I never make soup. That’s because I’ve been under the mistaken impression that my husband of 30 years doesn’t like it. But having him home convalescing from his second successful hip-replacement surgery I’ve noticed that he’s been eating canned soup practically every day for lunch. Naturally I had to spring into action and do something about this.What resulted was the best soup I’ve ever tasted—possibly the best thing I’ve ever tasted period: soul satisfying, nourishing, complex flavors with exquisite texture. I mourned the last mouthful and licked both bowls. It didn’t hurt that extreme cold weather has arrived—finally—which makes everything taste that much better.
It began with a veal shank from my butcher Pino. I was trying a recipe from Molly Steven’s glorious book on braising. She mentioned in the recipe that if you were lucky enough to find a whole shank weighing around 4 pounds instead of the smaller bottom section usually available it would be a great alternative. That was all Pino had or even understood as being a shank and it weighed 5 pounds. I had to use my meat cleaver and a lot of courage to hack off the end so it would fit in the pot. I adored the dish. Elliott did not, as he calls braised food depression food. He may have a point—it’s an excellent way to cook potentially tough cuts but also great for lean and expensive cuts like veal! After enjoying every last bit down to the ligaments, i regretted having no access to the marrow—my very favorite part. So I brought it back to Pino who has an electric saw. No more hacking with the meat cleaver for me. Pino eyed the bone with astonished admiration saying: you sure did a good job on it—there’s not a shred of meat left. I smiled. He knows how I appreciate and make the most of his meat. He proceeded to cut the bone in three parts in short order and off I trotted to start the soup.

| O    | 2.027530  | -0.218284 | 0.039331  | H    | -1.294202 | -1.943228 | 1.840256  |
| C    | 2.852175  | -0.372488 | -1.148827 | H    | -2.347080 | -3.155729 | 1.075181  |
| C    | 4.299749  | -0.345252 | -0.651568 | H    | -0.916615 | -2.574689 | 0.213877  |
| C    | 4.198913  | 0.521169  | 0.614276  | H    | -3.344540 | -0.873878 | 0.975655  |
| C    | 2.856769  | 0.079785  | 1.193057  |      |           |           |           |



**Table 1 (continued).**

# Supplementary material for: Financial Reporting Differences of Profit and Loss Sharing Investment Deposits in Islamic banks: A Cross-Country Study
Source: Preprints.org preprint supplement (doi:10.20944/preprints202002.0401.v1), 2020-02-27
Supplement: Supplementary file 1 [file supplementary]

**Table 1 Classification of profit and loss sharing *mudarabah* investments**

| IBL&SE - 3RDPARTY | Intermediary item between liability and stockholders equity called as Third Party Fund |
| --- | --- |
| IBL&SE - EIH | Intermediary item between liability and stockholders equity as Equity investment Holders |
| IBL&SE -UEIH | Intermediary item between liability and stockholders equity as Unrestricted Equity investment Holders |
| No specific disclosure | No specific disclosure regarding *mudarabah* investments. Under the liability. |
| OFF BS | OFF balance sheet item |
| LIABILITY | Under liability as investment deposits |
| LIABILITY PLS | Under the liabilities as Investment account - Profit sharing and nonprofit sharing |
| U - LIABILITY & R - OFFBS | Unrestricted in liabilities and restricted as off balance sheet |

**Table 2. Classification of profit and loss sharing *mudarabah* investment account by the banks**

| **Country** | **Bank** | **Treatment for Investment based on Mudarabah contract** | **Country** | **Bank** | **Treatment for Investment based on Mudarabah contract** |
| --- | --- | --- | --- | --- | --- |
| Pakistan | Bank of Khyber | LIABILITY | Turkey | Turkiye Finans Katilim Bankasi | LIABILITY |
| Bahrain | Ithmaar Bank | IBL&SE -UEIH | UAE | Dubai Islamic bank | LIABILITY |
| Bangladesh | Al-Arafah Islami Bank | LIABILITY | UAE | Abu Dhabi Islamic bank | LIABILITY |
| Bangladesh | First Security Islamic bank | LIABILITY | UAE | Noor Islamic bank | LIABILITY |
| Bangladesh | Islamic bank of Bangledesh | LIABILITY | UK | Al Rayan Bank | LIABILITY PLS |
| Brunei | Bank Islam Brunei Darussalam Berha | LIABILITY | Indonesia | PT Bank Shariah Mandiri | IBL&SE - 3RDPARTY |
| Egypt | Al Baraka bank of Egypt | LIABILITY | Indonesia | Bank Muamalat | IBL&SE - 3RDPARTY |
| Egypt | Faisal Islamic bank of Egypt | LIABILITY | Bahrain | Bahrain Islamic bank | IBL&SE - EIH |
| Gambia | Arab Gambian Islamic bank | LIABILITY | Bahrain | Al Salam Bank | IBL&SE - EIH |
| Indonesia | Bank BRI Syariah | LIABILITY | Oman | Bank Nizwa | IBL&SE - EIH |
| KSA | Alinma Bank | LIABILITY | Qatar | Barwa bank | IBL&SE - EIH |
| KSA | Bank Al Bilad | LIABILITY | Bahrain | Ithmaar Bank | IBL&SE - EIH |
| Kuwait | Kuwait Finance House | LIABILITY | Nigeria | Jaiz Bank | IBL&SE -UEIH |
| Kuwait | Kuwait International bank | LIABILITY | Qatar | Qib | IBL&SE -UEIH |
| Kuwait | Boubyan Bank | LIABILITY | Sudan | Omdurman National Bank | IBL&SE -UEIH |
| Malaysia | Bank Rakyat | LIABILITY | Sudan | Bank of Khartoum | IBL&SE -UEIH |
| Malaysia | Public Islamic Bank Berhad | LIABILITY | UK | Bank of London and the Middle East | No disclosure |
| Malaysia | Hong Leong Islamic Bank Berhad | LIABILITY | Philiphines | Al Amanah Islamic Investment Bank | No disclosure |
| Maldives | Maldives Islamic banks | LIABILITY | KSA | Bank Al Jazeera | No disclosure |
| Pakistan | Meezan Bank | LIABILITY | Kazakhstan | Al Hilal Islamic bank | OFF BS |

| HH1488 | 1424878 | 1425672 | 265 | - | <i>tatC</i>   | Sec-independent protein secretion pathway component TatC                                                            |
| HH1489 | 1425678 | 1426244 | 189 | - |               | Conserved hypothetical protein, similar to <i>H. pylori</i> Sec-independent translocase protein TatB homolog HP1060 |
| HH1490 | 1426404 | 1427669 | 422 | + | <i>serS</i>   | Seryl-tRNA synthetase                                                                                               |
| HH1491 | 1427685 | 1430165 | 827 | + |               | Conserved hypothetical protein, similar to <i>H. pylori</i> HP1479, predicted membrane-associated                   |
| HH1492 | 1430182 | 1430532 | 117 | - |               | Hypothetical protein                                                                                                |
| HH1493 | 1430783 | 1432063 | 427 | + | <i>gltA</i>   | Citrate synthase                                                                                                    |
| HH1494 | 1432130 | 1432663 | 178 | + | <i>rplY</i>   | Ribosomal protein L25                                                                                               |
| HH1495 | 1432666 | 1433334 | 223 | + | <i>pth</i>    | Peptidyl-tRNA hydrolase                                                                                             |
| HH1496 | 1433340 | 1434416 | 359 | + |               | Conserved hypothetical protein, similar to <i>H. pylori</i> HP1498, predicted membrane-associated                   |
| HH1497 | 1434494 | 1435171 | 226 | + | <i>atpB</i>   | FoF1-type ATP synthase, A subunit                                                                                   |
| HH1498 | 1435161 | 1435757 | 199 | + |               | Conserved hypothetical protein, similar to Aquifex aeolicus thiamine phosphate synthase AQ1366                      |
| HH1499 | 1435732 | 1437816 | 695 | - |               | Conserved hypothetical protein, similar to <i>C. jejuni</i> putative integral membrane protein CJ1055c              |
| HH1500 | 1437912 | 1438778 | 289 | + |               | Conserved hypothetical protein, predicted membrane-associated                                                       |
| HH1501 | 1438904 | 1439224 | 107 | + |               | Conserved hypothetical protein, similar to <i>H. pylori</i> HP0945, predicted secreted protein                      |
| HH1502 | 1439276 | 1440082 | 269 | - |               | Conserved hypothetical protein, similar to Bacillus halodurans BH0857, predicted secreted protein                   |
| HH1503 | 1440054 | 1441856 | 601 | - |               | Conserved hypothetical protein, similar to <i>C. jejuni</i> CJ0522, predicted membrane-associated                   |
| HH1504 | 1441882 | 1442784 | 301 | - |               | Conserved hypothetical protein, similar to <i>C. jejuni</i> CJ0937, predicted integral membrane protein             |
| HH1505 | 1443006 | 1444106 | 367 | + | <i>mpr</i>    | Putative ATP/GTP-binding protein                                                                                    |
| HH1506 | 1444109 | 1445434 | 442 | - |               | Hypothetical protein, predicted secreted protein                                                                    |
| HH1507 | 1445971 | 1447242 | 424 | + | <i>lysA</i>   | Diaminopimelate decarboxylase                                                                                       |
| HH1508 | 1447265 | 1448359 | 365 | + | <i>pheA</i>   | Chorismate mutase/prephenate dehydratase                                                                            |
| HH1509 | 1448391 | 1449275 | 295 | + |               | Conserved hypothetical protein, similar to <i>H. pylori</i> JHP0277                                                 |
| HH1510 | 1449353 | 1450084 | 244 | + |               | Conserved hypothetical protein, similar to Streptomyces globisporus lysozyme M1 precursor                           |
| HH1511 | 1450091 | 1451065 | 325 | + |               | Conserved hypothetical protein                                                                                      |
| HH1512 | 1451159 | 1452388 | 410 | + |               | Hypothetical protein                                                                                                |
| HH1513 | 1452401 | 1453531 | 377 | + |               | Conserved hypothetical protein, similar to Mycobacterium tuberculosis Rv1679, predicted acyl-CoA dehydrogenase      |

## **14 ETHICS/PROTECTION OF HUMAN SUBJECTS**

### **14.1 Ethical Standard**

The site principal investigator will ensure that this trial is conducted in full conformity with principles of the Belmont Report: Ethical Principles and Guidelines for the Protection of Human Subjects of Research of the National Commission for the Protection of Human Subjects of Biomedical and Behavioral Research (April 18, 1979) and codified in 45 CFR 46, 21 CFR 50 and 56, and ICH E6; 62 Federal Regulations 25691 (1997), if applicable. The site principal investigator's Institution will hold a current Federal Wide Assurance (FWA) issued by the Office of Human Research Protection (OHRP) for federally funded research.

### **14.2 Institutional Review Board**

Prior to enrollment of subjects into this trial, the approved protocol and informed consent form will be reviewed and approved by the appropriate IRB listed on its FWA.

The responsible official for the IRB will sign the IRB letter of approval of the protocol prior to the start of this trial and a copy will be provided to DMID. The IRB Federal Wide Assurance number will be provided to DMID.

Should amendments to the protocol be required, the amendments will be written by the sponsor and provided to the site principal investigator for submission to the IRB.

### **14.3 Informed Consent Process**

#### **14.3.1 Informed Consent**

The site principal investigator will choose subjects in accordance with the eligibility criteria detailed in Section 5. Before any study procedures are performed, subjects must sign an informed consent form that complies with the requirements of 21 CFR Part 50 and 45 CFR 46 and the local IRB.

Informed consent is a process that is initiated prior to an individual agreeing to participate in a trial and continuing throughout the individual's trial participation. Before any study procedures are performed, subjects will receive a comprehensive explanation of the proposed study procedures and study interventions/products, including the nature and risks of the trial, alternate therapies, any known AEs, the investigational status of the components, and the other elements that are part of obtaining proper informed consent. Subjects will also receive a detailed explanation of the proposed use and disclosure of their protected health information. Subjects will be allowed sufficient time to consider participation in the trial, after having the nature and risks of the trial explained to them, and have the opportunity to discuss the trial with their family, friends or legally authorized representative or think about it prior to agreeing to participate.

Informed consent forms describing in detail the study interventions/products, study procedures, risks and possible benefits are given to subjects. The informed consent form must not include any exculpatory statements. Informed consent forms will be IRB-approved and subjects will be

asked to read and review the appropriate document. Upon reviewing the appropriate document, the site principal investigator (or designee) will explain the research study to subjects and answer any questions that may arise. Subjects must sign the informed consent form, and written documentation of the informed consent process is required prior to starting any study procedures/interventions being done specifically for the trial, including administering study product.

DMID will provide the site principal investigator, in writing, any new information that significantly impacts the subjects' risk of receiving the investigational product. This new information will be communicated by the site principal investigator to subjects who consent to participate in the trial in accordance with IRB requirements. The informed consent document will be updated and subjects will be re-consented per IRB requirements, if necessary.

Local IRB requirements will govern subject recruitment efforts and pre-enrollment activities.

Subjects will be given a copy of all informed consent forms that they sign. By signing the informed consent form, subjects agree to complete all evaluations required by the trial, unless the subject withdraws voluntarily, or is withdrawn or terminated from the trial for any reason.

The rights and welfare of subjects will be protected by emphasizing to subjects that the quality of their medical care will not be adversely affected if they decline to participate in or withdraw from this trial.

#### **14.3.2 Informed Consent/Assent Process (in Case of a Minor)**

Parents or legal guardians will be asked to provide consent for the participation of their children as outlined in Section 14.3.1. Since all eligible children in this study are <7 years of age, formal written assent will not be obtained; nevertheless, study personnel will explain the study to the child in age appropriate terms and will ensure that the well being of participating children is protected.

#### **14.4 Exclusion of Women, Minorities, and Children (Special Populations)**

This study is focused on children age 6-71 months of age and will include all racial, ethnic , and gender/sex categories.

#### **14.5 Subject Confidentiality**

Since I was going to be home all day I decided to boil the bone until it was time to add the beans. And all day long I was treated to the aroma of veal stock. (I boiled it a good 9 hours along with that little piece I had hacked off.) I remembered my recipe for pitcha that I haven’t made for years—calves food jelly—and decided that next time around I’ll use the foot which has even more gelatin. Which reminds me of a hilarious story. My recipe tester at the time (no names mentioned here) told me that the recipe wasn’t working—it wouldn’t jell. After much Sherlock Holmes type scrutiny I discovered that instead of using the two calves feet I had called for he decided that bigger was better and used a cow’s foot! If I were to have another caricature drawn I would suggest including a huge magnifying glass. So the first secret of this soup is the veal bone which gives it not just fantastic flavor but also a gorgeous velvety fullness in the mouth that usually requires fat to achieve. The second secret is purple barley introduced to me by my friend and colleague Marguerite Thomas. We both found it at Whole Foods. It takes the same amount of time as the beans and maintains its slight crunch. The third secret is fregola—a toasted round little pasta from Italy—check on line for source. Israeli couscous could be substituted but will take a little less time to cook. The third secret is sautéing the vegetables which gives a much deeper and more mellow flavor. I also added little chunks of left-over veal. It would also be fine to poach some small veal shanks or osso bucco cut veal for about 2 hours before adding the beans, remove them to cool, cut into small pieces to add at the end. Another addition I’ll make next time is a few dried porcini mushrooms added with the vegetables. In the spirit of full disclosure I also added a little of the leftover sautéed shallots and about 2 tablespoons of the stock from braising the veal with rosemary, vermouth, orange, a hint of honey, and lemon zest and a little vinegar, so rosemary or thyme and a little balsamic would be great additions but just a very small amount--use your judgement--just a soupçon! Remember—no salt until the beans are cooked to ensure that they soften. I know some people maintain that it makes no difference but I believe in taking no chances. I’m aspiring to bean not bullet soup!